The book is mostly about translation, using a simple poem, which was translated in several different ways by the author and his friends and colleagues to illustrate many important and interesting points. After awhile, though, I started to get tired of reading about what is wrong with everyone else's translations, and how no one gets it in quite the same way that Dr. Hofstadter does. In addition, the author's own poems are among the least interesting of the collection, and he repeatedly "corrects" translations of other contributors (even his mom!), producing results that are usually awful.
If you've read his previous work, you're not going to find a lot new here, and you might be disappointed at how flat this seems.
Doug starts out by praising himself for being in total control of this book -- typesetting, page design, content, direction... Well, he shouldn't be so smug. The typography is a jumbled mess, the chapter introductions are amateurish, the page breaks are artificial and distracting, the content wanders off the subject into numerous, endless (and pointless) digressions, and most of the 30,000 versions of the poem he translates are laughably bad.
There's a worthwhile message in here somewhere, buried under six tons of authorial effluvia -- something about the art of translation being a balance between form and content. But of the 632 pages here, only about 120 serve this purpose. Hofstadter has apparently become such a powerhouse author that he is allowed to wield total control, but it's a two edged sword and he proves himself no Galahad.
Doug man, you need an editor.
I received this book for my graduation from high school (begged for it, in fact), devoured it in two days, and have re-read it constantly since. When I lent it to a lover of mine who was from Toronto, and with whom I later broke up, the first thing on my mind when we arranged to meet some months later was, "Can I have my book back?" I re-read it immediately.
Poetry translation is now one of my most enjoyable hobbies, and I would have to say that this book gave me the impetus in that direction. I would frankly have to class Le Ton beau de Marot as the book of Hofstadter's which I have most thoroughly enjoyed - more than GEB, more even than Metamagical Themas. Please read it.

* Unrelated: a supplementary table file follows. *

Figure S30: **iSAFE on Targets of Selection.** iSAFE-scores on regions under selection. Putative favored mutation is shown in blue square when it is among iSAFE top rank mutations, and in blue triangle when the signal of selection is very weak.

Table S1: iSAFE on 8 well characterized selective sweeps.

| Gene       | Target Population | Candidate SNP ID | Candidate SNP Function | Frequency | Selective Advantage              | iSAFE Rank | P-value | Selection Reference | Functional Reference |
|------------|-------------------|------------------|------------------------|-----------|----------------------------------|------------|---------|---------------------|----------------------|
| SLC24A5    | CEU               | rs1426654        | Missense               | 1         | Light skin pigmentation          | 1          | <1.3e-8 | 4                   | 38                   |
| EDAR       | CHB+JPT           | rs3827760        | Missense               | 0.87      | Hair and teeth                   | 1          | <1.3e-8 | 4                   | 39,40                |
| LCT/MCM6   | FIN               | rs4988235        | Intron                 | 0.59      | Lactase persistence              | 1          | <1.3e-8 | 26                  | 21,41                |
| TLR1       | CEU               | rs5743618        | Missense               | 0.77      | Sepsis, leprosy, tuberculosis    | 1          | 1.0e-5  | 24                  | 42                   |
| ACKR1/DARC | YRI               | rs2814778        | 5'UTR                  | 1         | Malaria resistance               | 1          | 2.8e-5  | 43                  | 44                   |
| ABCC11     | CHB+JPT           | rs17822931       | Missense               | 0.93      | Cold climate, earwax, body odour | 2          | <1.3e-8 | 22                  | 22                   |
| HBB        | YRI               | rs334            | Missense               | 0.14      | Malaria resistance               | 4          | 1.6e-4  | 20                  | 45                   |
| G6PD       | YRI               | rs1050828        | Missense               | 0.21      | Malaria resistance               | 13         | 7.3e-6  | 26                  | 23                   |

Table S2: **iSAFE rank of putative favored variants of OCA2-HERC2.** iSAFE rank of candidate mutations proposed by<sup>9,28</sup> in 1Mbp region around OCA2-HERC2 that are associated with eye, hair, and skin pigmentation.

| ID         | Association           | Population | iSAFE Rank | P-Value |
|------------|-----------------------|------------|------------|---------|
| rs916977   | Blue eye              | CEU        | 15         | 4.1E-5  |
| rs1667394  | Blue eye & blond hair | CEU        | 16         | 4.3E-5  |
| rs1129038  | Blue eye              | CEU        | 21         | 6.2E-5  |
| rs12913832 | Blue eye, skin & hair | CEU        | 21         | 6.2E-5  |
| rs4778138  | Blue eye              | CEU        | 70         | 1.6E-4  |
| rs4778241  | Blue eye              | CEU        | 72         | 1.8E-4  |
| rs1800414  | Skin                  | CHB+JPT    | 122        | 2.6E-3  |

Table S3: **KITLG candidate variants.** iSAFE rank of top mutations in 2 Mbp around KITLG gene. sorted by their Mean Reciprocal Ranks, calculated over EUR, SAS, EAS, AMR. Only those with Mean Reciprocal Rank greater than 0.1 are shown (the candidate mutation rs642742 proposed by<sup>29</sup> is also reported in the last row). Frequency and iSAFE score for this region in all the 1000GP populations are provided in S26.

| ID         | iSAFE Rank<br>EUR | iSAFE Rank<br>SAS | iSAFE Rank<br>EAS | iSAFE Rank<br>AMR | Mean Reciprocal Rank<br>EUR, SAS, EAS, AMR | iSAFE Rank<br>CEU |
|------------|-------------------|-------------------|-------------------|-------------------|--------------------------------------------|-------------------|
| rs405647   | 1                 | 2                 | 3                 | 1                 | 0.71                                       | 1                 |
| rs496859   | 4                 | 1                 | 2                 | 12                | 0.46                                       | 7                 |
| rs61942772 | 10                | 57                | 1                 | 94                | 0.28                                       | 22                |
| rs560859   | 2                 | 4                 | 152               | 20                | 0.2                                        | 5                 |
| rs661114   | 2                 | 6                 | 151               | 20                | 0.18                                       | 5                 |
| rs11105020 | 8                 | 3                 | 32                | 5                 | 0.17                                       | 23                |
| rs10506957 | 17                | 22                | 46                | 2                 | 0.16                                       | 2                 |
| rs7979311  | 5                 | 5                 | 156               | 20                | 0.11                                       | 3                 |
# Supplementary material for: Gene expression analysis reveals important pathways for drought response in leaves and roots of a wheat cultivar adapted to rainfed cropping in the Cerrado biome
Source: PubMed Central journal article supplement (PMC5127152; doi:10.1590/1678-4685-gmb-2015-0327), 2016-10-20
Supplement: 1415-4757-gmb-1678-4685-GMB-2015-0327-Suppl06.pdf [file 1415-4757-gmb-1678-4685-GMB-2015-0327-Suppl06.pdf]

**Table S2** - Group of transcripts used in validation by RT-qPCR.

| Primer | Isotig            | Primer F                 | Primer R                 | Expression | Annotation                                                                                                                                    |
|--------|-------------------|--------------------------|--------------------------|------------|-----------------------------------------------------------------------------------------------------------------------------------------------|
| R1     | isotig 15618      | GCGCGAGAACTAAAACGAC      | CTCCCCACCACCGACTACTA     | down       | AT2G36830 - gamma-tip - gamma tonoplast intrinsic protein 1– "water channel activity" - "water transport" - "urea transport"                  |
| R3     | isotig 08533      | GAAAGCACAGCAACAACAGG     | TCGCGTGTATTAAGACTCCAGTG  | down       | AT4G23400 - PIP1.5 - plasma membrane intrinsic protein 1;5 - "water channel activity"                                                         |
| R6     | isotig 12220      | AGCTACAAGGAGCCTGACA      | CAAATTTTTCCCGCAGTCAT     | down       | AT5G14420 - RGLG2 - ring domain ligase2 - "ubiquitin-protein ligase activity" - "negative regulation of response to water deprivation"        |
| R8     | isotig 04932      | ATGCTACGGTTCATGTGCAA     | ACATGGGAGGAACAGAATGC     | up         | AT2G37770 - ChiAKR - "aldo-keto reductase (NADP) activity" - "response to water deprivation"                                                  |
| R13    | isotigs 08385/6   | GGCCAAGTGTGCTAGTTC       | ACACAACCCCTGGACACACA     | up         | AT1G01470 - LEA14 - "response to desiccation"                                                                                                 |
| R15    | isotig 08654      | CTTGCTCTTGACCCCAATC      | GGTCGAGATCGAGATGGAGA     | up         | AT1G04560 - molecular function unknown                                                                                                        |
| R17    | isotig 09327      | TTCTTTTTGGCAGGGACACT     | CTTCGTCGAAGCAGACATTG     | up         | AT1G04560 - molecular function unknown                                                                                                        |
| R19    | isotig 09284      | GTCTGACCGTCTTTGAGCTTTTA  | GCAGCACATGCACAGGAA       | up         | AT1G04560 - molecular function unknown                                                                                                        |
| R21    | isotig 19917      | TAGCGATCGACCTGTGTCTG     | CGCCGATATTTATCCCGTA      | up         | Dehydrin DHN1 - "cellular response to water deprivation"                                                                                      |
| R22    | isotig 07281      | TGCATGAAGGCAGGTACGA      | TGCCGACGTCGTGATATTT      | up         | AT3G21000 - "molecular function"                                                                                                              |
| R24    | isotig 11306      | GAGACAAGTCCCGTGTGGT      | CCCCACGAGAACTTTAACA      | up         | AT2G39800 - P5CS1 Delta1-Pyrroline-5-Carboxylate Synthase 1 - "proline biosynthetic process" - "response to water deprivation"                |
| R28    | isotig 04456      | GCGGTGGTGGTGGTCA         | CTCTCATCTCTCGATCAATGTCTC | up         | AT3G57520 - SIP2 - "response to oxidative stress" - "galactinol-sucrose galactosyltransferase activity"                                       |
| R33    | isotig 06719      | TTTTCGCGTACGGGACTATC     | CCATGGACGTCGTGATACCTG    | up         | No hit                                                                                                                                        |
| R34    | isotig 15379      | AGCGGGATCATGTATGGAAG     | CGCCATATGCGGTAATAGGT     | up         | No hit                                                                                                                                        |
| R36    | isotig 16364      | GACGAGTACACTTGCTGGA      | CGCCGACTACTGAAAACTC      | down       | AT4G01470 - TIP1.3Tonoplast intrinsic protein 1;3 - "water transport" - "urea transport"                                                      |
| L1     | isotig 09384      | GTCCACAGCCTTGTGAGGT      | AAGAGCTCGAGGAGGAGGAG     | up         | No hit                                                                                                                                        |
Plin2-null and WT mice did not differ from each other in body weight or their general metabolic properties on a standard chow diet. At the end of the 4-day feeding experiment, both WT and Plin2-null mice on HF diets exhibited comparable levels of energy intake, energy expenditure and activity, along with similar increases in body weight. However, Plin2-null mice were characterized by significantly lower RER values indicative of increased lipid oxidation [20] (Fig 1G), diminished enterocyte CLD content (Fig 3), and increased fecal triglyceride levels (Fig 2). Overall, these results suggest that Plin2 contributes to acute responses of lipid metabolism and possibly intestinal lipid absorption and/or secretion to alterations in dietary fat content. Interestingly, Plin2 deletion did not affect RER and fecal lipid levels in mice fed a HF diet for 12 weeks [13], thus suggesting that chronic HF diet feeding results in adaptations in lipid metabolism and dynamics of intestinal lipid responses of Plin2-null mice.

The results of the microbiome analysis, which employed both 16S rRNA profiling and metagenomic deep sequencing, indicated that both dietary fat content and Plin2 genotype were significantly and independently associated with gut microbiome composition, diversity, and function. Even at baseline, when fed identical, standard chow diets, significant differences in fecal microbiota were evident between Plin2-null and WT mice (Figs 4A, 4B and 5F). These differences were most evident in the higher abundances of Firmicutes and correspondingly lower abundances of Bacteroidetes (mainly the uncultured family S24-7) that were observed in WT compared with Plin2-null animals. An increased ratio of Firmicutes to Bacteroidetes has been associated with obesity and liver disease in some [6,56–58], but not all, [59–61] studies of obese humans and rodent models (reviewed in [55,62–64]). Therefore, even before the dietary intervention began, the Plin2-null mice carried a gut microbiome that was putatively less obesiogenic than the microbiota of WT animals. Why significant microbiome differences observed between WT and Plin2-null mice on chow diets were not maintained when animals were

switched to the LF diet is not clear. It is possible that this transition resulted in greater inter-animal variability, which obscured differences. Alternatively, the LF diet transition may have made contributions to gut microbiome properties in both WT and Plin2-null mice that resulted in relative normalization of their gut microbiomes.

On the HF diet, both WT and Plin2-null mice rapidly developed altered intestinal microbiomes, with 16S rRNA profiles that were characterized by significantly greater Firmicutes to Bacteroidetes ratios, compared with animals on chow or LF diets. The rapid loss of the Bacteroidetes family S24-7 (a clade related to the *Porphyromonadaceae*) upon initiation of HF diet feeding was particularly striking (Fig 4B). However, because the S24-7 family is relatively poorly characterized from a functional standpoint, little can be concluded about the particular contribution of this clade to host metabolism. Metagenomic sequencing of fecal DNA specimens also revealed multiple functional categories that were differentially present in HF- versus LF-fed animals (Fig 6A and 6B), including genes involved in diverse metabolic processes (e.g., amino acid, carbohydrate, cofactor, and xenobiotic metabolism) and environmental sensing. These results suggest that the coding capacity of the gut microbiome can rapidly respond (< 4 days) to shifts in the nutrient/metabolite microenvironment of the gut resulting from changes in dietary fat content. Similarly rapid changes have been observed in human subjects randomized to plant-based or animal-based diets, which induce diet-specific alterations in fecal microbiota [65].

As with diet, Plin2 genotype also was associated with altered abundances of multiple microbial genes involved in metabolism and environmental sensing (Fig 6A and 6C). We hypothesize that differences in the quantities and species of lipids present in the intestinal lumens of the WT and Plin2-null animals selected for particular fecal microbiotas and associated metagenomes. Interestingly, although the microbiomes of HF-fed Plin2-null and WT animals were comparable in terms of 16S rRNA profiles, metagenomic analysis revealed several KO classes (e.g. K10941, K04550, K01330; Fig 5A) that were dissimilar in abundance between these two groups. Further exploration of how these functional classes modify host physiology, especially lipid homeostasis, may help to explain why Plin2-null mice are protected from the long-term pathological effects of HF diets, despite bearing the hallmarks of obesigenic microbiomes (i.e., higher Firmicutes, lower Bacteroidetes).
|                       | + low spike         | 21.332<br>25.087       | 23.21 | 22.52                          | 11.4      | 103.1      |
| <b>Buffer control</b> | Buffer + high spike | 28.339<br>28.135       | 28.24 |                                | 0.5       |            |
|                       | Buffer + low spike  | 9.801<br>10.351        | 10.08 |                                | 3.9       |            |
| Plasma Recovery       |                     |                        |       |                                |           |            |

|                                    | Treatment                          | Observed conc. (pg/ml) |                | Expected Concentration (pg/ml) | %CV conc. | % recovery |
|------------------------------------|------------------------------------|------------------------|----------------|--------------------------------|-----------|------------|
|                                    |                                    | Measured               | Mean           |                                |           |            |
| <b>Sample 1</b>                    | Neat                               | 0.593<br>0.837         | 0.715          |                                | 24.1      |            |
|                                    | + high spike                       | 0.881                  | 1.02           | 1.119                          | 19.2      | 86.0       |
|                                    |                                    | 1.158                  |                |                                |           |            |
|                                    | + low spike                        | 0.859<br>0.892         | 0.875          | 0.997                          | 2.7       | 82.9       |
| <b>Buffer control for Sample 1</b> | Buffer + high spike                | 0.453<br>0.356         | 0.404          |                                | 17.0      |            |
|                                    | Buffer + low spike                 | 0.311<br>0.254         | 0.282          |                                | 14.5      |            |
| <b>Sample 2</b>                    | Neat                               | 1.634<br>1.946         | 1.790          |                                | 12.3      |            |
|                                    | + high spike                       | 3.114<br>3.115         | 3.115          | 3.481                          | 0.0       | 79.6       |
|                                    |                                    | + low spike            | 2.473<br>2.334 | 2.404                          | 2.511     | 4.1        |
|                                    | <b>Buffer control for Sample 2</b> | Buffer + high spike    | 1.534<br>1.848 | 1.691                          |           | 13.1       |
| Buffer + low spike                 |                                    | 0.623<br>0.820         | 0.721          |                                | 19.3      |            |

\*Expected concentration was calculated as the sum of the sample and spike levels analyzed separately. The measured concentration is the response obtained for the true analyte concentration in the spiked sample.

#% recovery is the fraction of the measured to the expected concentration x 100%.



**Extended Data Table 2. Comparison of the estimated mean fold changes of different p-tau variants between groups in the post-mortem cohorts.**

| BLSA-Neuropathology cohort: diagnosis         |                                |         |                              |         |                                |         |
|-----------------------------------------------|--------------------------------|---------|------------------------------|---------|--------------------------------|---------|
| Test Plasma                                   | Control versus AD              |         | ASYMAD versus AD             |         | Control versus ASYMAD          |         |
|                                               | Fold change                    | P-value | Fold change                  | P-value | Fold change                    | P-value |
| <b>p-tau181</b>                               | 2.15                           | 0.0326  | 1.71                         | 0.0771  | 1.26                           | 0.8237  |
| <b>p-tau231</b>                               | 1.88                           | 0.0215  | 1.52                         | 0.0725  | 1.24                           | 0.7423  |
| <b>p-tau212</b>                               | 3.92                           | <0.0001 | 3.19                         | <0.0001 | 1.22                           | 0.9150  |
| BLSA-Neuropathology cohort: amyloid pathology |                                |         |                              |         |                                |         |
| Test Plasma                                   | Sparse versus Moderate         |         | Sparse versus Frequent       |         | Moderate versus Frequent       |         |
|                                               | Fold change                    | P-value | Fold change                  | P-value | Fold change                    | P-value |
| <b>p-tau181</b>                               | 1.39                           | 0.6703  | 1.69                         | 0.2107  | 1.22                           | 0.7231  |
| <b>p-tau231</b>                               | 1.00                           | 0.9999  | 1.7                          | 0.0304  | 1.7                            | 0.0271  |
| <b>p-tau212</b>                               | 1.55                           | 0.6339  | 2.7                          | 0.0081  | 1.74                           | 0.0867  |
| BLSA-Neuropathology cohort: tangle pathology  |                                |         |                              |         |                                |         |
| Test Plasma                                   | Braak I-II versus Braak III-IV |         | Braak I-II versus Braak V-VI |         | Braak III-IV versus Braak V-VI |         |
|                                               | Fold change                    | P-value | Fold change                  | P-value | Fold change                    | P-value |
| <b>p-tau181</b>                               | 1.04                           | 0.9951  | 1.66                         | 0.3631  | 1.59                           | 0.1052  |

Most Recent Customer Reviews
I am stll busy reading it, but it is a very interesting book, full of wonderful ideas...I do recommend it to whoever is interested in the subject.Published on September 13, 2013 by Noemia
Hofstadter addresses the significance of language as a mechanism to convey more substance than the individual words might. Read morePublished on April 23, 2002 by Former Rater
This book describes the human mind and artificial intelligence through attempts at translating an old French poem into English. Read morePublished on April 5, 2002 by Arnie Layne
The whole book is a discussion of translation and it is a delight to read Hofstadter's meaderings on various topic, a lively mind at work. Read morePublished on July 18, 2000 by Laura LaVelle
Let's not compare this to GEB, but look at it for its own merits. This book puts in wonderful terms such deep ideas about language and translation, much like the way wonderful... Read morePublished on April 12, 2000 by Platinum
Hofstadter's Le Ton Beau, although interesting, as with the early 80s fun book GEB, has produced something of a Sears catalogue of accepted literary and scientific ideas, in this... Read morePublished on January 11, 2000 by jack schaaf
This book was amazing. Outstanding illustrations of lipograms. Much thought must go into skipping a digit. Wow.Published on December 2, 1999
This is very readable and people who found themselves overwhelmed by GEB (a 5 star book in its own right, but the two are apples and oranges) should give this a try as it... Read morePublished on October 30, 1999
In Le ton beau de Marot Hofstadter opens his heart as well as his wide-ranging, brilliant, playful,and fallible mind and it's hard to be ready for this. Read morePublished on July 14, 1999